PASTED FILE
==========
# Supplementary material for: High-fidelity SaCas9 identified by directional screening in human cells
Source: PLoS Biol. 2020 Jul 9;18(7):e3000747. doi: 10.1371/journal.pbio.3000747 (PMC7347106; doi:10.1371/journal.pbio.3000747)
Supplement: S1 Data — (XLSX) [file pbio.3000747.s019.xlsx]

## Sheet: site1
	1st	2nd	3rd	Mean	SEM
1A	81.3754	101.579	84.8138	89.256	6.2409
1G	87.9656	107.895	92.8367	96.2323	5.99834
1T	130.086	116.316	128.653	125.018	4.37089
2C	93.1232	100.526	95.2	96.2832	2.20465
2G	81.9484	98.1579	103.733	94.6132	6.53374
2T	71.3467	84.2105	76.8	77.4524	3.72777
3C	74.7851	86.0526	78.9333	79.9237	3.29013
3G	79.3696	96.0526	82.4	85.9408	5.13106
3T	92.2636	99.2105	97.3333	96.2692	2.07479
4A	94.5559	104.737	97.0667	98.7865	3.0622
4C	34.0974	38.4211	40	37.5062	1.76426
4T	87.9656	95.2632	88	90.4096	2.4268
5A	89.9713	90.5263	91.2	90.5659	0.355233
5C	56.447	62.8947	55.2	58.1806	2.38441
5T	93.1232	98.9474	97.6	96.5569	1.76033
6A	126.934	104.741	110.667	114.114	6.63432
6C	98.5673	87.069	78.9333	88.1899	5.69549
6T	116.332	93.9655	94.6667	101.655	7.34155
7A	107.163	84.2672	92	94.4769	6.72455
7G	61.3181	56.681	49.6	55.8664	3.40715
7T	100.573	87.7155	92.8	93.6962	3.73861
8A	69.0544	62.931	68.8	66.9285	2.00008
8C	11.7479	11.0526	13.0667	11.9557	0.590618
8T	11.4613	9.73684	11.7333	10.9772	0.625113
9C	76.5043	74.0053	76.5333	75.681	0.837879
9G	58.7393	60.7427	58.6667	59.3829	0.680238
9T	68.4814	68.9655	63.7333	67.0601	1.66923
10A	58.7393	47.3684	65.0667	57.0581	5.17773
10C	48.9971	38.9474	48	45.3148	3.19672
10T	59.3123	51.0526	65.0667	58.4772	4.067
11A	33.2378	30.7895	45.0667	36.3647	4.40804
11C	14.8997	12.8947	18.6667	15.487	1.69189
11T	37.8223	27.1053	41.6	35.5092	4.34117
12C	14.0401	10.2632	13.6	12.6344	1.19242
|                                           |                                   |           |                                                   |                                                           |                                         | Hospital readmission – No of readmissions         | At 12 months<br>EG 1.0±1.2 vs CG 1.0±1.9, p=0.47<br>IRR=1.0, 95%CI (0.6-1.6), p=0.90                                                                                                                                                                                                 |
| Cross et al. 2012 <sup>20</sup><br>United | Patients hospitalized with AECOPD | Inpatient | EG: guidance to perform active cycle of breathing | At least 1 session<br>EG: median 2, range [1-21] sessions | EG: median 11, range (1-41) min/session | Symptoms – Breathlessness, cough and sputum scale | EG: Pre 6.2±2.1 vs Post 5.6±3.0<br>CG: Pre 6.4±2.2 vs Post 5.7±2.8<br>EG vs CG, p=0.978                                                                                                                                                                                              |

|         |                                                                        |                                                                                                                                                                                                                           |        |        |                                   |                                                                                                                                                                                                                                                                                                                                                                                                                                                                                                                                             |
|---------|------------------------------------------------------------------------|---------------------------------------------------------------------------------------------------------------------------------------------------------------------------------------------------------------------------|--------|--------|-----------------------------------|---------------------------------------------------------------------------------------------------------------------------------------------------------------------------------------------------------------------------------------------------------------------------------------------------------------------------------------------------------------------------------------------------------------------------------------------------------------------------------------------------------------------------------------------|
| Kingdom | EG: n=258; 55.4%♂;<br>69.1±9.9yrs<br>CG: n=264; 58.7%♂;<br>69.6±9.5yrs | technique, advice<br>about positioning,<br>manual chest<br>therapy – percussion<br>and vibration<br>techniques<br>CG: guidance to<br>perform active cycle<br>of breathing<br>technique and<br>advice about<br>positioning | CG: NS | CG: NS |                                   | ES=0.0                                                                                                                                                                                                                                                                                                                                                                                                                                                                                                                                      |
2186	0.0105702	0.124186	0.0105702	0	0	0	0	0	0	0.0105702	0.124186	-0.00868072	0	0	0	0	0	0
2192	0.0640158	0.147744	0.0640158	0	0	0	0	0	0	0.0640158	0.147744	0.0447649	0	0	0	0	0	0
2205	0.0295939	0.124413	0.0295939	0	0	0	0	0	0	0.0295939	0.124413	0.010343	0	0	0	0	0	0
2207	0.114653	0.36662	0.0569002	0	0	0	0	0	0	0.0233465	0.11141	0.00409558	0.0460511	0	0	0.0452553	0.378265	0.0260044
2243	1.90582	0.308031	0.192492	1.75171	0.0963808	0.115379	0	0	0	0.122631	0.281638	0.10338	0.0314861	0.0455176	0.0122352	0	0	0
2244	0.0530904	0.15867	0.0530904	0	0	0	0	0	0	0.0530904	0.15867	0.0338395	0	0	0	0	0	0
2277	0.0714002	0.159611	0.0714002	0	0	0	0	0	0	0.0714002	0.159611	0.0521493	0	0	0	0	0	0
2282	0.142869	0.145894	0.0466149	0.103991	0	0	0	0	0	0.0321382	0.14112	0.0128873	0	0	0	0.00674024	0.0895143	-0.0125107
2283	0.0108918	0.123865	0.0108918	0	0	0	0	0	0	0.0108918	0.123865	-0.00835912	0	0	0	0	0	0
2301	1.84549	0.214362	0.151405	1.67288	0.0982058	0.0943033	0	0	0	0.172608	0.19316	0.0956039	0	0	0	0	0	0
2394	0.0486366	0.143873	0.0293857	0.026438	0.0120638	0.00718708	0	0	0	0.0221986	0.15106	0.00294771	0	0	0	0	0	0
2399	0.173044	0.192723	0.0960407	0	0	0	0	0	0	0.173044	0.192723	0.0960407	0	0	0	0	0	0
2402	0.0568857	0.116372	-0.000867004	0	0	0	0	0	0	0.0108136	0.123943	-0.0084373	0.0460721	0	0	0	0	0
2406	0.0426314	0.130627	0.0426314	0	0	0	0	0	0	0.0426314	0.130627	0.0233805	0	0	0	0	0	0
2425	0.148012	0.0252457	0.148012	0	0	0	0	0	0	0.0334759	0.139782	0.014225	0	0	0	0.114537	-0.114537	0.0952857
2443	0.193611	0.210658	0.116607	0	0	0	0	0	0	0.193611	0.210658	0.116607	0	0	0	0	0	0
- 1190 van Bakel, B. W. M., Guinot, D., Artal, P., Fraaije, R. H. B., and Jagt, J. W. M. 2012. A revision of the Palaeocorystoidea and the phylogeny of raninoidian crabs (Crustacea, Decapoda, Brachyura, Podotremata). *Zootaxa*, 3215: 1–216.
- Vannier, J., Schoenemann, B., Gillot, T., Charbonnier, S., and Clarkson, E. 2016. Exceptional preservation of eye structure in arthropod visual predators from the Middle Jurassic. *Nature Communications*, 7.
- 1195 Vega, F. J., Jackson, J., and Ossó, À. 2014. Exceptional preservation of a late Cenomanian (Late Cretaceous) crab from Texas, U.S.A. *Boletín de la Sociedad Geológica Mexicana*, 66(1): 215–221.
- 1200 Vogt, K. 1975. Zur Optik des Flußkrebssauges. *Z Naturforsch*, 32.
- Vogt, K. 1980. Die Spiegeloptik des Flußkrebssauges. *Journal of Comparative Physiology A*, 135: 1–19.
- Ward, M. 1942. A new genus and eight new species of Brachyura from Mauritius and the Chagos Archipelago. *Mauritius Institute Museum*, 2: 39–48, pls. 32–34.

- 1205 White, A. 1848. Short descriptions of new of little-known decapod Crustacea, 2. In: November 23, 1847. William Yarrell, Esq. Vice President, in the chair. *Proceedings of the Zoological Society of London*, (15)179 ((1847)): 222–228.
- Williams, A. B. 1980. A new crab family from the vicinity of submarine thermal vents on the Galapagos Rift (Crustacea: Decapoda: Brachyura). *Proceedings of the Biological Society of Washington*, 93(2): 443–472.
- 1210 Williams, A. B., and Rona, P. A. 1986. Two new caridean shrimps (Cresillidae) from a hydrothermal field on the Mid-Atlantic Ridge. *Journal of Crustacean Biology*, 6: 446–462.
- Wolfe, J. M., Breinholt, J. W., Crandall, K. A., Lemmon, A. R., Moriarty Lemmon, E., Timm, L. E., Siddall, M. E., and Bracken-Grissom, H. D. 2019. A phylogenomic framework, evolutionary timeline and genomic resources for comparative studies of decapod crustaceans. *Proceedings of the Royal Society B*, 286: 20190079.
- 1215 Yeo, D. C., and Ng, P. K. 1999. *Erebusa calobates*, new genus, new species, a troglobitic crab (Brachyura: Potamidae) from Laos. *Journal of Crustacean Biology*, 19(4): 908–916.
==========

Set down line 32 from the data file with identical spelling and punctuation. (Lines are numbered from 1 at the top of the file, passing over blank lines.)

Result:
9T	68.4814	68.9655	63.7333	67.0601	1.66923